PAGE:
President Muhammadu Buhari of Nigeria
The Federal Government on Sunday said it would sanction any distribution company that engaged in installation of sub-standard electricity equipment in its operations.
Mr Peter Ewesor, the Chairman of the Federal Government Investigative Panel on the death of Miss Oluchi Anekwe, a 300-level student of the University of Lagos, said this in Lagos.
NAN reports that Anekwe was on Sept. 8 electrocuted by a high voltage cable that snapped off the pole on the campus.
Ewesor, who spoke with newsmen, is also the Chief Electrical Inspector of the Federation and Chief Executive Officer of the Nigerian Electricity Management Services Agency (NEMSA).
“Appropriate enforcement orders and possible sanctions will be meted out for non-compliance with the recommendations of all previous and future monitoring reports sent to them (distribution companies) by NEMSA field electrical inspectors nationwide,” he said.
Ewesor accused the utility companies of using substandard materials, unprofessional practices, negligence and poor response to inherent problems in their networks.
He said NEMSA would ensure that all distribution companies uphold the international best practices in the installation of electricity equipment nationwide.
Ewesor said that electricity distribution companies in the country had been indicted over the recent alarming rate of electrical accidents and electrocutions nationwide.
He said that electrical accident and electrocution had become a recurring incident in the industry.
According to him, electrocutions occur in some areas as a result of poor state of the distribution companies’ network and negligence on the part of the companies.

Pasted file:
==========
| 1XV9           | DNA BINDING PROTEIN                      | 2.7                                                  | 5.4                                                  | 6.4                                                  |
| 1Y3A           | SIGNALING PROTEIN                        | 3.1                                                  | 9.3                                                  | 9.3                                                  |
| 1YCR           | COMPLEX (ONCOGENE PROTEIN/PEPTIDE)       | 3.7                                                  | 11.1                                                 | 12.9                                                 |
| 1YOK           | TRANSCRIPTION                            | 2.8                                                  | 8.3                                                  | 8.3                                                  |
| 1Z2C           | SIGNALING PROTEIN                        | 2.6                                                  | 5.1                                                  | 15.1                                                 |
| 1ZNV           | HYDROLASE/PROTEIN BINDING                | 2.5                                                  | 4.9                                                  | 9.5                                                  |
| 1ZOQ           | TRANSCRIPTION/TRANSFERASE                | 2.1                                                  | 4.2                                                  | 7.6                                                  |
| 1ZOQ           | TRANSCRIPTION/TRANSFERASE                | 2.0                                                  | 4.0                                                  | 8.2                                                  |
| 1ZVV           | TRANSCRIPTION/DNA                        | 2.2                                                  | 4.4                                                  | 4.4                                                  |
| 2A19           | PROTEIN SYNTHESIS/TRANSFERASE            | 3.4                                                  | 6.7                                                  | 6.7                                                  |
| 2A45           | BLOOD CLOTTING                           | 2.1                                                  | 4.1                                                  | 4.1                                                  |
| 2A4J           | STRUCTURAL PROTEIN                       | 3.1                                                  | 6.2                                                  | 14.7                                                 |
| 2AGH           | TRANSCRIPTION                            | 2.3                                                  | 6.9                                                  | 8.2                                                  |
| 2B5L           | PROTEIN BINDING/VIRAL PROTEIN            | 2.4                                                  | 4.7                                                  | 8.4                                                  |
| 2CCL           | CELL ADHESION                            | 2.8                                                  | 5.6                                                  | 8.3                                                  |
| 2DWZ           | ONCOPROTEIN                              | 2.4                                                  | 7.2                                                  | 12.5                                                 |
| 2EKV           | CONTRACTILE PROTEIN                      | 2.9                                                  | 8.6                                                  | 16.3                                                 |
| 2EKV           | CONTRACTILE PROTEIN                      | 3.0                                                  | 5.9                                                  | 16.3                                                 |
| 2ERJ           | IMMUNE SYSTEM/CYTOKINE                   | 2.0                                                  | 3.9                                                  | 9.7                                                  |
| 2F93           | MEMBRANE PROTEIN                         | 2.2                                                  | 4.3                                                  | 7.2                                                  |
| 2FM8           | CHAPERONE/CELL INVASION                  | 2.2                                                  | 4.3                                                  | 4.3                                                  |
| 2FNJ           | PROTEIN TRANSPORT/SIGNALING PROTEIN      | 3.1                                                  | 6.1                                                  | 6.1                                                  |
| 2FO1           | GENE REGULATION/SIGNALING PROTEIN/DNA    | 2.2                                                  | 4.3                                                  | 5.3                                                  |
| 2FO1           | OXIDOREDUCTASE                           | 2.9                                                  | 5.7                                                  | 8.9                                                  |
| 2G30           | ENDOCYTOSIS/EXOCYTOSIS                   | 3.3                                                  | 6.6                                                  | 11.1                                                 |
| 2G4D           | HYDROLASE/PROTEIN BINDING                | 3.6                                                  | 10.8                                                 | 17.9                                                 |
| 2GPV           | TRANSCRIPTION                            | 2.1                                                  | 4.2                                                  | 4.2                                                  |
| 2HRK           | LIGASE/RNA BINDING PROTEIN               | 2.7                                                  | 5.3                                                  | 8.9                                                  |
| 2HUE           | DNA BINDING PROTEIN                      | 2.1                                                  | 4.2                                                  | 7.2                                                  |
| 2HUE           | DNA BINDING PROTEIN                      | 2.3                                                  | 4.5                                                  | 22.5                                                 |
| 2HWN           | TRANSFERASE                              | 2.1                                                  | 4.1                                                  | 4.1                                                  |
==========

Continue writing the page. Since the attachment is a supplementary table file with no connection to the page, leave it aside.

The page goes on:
“This spate of electrical accidents and electrocutions leading to unwarranted loss of lives and property as well as down time of the supply to consumers nationwide is unacceptable, condemnable and reproachable,” Ewesor said.
He also identified other inherent problems which regularly lead to electrical accidents and electrocutions.
Ewesor said that one of them was allowing networks to pass dangerously over and in between buildings, structures and market places without safety clearances.
Others include lack of regular monitoring and evaluation of networks for routine and preventive maintenance purposes by the distribution companies and the use of substandard or adulterated materials like undersize.
Ewesor said that the Onike 11KV feeder line that passed through the university was in a state of disrepair and poorly maintained.
“In view of the increasing human traffic at the University of Lagos, NEMSA has directed that the overhead Onike 11KV feeder line should be re-routed underground to avoid future incidents”.
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